In a bid to add complexity and drama, they try to infuse jealousy into the tale but the love itself is so watery, without foundation or friction, chemistry or cut, nothing feels at stake. Tanie, who frequently breaks the fourth wall but lacks the edge or humour of a Fleabag, has to choose between two men — a best friend, a boyfriend. But this has the same breezy tug of choosing between two fruits at a market. Where are the hazards in this love, in the choices love forces upon you?
The makers have, instead, codified romance into an aesthetic of casual-cool, giving lovers the same depth and reach of inspirational quotes on walls of corporate offices ("You got this" "Find a way or make one"). Not just the romance of love, but life, too. Sample this dialogue where a character casually, unironically proclaims, "Cafe bechkar duniya dekhne jaa rahi hoon." Another walks around DVD parlours and boat bookshops. Nakuul Mehta described the show as "Emily in Paris but in Andheri, shot in London", but we forget that what made that show tick was that it brought its expensive, apparent beauty — of people, purses, pumps, puffs — and rammed it into a story of constant drama, each character given just enough cloth to produce tension, hazards, stakes. A background score that thut-thut-thuts doesn't cut it.
After an onslaught of tier-two Tarrantinos, Never Kiss Your Best Friend Season 1 was a rose-scented breeze, harkening back to the Yash Chopra genre of swoon and swish, chiffon and champagne.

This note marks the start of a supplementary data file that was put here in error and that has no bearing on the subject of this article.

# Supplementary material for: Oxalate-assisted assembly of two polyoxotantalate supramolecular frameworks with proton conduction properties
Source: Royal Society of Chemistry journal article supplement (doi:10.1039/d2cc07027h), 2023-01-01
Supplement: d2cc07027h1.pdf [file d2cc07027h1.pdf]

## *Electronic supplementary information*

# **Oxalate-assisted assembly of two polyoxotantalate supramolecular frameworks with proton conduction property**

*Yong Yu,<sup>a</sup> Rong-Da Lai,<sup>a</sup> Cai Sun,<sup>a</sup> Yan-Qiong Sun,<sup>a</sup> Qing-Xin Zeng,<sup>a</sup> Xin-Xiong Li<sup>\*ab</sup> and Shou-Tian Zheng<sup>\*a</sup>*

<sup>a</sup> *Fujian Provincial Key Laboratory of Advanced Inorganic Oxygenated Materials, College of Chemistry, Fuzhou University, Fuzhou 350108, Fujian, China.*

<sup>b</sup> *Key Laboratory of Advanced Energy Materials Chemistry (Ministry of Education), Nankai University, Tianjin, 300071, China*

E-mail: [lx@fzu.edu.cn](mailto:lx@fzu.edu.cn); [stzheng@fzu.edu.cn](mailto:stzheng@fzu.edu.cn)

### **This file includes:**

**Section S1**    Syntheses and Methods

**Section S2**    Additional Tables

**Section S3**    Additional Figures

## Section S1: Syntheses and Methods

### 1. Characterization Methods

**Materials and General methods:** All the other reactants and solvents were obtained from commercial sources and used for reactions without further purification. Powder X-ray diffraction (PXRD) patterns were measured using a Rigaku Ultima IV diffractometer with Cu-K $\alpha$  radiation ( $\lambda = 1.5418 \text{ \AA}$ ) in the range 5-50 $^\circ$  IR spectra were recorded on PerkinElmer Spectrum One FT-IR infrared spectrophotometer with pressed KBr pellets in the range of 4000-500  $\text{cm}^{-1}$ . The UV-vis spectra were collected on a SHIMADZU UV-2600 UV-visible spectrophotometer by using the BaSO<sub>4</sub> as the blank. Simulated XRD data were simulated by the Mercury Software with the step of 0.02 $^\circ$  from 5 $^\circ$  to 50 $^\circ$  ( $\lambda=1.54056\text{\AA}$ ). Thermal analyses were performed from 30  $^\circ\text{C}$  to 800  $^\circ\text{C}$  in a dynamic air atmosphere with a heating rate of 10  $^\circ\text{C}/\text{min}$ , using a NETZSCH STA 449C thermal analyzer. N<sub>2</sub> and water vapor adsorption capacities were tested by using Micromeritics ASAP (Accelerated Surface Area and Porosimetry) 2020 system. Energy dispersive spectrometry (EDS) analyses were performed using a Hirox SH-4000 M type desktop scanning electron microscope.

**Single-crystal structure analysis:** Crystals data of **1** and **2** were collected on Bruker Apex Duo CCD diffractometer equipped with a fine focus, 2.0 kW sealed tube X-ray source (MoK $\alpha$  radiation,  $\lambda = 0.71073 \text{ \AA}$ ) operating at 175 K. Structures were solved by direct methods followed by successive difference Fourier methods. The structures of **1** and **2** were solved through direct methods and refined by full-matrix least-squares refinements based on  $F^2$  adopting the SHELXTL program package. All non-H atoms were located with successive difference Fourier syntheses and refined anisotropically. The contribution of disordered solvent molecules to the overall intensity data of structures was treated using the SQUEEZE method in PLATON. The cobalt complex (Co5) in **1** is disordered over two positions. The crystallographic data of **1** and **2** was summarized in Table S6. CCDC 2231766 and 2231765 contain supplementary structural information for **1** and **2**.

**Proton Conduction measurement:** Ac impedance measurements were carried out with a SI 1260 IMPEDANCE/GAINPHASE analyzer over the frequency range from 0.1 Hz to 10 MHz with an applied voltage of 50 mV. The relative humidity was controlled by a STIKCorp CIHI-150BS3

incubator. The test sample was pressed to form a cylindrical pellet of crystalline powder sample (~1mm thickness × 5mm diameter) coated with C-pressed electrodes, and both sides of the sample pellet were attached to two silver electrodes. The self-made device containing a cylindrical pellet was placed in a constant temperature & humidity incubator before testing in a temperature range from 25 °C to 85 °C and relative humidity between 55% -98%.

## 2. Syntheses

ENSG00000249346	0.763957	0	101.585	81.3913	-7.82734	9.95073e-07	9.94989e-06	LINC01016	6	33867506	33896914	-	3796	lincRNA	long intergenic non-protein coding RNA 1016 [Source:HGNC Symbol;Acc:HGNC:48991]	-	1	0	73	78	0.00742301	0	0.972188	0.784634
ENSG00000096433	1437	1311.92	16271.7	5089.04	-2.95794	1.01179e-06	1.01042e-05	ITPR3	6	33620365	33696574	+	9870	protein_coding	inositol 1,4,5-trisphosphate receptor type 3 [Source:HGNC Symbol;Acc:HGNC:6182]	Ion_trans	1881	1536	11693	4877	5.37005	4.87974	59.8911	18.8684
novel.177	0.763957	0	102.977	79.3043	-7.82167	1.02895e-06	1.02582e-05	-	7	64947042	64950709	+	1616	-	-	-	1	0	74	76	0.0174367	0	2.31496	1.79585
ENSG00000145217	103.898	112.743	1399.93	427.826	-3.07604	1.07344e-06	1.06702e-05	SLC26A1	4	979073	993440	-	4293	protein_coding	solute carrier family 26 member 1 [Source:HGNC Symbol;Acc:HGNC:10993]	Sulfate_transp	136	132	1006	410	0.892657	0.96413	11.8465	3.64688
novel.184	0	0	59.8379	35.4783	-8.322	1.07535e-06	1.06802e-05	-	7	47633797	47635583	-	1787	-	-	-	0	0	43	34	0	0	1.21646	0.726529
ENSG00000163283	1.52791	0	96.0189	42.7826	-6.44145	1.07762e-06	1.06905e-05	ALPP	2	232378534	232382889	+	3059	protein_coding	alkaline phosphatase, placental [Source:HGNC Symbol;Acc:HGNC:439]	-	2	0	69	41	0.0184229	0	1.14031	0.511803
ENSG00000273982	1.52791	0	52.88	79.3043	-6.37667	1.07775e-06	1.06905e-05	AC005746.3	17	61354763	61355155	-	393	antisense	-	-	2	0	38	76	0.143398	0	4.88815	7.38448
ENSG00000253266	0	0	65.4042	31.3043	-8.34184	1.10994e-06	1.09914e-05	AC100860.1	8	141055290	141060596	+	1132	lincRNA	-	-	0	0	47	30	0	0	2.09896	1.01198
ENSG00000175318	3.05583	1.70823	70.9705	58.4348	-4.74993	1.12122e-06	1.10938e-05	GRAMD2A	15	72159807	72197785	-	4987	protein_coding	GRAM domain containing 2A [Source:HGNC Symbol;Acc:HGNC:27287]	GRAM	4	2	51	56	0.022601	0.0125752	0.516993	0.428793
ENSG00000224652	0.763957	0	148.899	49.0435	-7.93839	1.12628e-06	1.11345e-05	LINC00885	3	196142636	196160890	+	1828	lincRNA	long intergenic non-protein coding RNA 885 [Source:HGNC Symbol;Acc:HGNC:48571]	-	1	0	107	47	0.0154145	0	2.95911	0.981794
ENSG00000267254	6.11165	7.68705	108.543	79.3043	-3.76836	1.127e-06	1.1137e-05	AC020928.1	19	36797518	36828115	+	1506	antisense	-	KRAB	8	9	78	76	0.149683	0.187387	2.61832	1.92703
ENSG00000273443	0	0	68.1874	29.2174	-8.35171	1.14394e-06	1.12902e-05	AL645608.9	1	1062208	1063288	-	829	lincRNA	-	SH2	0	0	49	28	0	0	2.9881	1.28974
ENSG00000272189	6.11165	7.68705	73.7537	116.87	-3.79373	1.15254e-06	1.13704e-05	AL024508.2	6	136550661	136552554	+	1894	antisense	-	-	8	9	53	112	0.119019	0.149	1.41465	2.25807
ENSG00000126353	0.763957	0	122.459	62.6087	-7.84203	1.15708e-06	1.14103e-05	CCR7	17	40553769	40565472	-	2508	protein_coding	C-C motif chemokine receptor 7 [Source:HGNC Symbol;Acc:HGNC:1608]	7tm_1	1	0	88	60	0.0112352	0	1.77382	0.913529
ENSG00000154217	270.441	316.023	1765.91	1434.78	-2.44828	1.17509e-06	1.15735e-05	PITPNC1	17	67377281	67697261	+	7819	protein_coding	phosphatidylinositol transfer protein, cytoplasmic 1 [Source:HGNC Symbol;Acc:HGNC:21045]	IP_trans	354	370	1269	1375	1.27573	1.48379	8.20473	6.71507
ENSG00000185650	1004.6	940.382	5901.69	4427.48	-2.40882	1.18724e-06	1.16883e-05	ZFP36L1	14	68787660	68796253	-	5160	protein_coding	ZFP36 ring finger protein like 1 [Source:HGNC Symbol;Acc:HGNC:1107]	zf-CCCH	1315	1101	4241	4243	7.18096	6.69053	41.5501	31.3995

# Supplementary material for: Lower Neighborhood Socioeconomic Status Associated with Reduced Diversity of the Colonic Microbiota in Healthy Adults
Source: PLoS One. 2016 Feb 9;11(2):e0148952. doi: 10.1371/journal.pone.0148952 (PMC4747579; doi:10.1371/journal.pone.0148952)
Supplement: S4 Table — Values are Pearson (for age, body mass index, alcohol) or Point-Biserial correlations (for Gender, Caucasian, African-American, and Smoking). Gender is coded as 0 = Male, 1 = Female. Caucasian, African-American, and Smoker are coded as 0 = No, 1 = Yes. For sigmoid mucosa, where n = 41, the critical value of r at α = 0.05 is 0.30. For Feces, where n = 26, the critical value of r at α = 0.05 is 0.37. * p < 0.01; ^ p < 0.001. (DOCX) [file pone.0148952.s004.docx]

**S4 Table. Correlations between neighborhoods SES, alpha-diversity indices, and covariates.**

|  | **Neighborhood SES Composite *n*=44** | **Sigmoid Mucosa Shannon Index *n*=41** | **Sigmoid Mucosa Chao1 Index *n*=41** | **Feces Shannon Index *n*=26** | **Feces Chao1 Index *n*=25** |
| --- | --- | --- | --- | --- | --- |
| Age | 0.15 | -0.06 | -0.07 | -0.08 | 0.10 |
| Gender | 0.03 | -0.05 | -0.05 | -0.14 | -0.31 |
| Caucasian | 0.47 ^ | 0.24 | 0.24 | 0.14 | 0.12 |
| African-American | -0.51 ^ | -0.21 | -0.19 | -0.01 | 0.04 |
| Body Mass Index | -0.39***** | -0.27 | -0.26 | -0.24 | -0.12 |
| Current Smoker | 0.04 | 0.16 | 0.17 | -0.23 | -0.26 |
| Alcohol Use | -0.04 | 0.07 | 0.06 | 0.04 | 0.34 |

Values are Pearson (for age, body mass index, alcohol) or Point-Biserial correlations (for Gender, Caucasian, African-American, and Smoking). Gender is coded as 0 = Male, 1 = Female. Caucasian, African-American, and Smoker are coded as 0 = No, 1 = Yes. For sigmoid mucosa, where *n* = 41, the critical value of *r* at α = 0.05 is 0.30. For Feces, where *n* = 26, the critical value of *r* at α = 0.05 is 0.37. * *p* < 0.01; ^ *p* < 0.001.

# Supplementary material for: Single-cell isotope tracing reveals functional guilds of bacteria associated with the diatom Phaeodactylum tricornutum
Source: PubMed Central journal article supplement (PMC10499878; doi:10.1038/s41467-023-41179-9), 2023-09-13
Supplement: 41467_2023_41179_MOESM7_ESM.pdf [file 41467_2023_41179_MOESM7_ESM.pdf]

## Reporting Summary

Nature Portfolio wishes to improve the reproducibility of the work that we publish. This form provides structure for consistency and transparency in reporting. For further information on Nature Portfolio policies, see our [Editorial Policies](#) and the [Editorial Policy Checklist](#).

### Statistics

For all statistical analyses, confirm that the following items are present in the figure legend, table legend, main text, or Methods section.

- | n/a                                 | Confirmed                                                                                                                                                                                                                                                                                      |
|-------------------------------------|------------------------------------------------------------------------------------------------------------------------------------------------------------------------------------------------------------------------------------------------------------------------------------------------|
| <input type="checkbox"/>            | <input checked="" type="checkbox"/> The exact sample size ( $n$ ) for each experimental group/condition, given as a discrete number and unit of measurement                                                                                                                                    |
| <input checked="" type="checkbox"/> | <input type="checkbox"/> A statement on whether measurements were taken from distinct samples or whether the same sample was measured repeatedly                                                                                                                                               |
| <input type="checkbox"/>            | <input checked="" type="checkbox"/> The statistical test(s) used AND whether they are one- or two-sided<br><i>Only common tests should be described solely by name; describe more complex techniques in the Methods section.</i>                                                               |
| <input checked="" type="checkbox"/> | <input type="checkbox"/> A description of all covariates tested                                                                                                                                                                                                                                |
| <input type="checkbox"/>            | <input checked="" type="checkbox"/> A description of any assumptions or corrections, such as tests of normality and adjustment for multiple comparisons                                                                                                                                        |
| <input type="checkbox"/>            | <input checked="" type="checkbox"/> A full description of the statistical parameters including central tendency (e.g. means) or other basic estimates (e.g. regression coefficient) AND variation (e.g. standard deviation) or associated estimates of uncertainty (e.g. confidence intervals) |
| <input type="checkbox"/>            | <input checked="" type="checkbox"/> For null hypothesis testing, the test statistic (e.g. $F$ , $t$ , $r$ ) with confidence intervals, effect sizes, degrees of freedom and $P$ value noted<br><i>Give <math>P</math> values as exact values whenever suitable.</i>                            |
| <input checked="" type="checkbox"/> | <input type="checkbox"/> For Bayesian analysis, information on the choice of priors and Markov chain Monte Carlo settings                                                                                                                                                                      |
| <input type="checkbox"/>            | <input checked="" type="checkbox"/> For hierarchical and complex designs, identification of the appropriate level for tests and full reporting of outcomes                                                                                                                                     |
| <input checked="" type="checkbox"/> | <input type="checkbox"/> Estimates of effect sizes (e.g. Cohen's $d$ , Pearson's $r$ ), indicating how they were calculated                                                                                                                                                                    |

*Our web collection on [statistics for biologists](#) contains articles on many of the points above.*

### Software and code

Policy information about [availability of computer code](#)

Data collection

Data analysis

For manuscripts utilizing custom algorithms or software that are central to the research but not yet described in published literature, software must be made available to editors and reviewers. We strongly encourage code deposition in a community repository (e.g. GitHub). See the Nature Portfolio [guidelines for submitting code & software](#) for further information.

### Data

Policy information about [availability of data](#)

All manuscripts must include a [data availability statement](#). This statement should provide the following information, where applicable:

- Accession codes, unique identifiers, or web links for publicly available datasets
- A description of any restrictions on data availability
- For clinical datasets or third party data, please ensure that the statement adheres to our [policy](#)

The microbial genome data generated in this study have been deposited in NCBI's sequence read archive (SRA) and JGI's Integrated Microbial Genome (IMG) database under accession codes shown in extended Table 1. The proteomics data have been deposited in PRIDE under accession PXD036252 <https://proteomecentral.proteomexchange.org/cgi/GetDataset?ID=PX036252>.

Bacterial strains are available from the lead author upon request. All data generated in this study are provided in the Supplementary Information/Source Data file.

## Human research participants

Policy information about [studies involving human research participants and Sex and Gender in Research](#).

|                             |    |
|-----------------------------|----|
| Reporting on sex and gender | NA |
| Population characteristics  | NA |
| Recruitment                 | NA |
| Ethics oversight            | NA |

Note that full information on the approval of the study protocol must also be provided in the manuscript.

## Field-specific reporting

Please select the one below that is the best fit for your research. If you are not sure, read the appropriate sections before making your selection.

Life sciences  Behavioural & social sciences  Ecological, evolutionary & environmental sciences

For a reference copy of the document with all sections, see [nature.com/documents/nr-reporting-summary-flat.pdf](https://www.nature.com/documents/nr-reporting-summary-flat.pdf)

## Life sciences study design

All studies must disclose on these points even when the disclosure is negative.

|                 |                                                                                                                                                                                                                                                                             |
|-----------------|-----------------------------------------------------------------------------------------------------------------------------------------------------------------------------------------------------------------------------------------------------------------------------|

Besides, when you invite so many characters to share space in a narrative, the writing has to be capable of producing a throbbing life for each one. Here, between their appearances, it feels like their life is still, with nothing happening in the interim. Back stories are hurled in sentences and forgotten. Here is Karan: "You know my dad was a stubborn man. Unki isi habit se we lost everything. Toh maine apne aap ko promise kar diya tha, ki mein kabhi stubborn nahin banunga." (Told you about the daddy issues of this show.) There is no mention of this confession, this tragedy, after. Trauma is best established to explain a mopey character and then, ether. As though they have nothing inherently dramatic or broken about their life, all their drama and brokenness comes from their parents, instead.
Perhaps I am being too harsh on this sugar pill, but this comes from a deep investment in love stories and worry about their receding hold on the contemporary cinematic landscape. After an onslaught of tier-two Tarrantinos, Never Kiss Your Best Friend Season 1 was a rose-scented breeze, harkening back to the Yash Chopra genre of swoon and swish, chiffon and champagne. All beauty — in words and sights — anchored by strange obsessions, strong feelings, and deep, abiding connections. Another season of Never Kiss Your Best Friend meant another promise, to take this love further; while retaining the moorings of plush set and costume design, pulling the emotional threads further. But I forgot that if you keep pulling threads, the fabric ceases. You should know when to just take the scissor and in a moment of self-control, snip the tempting, dangling thread.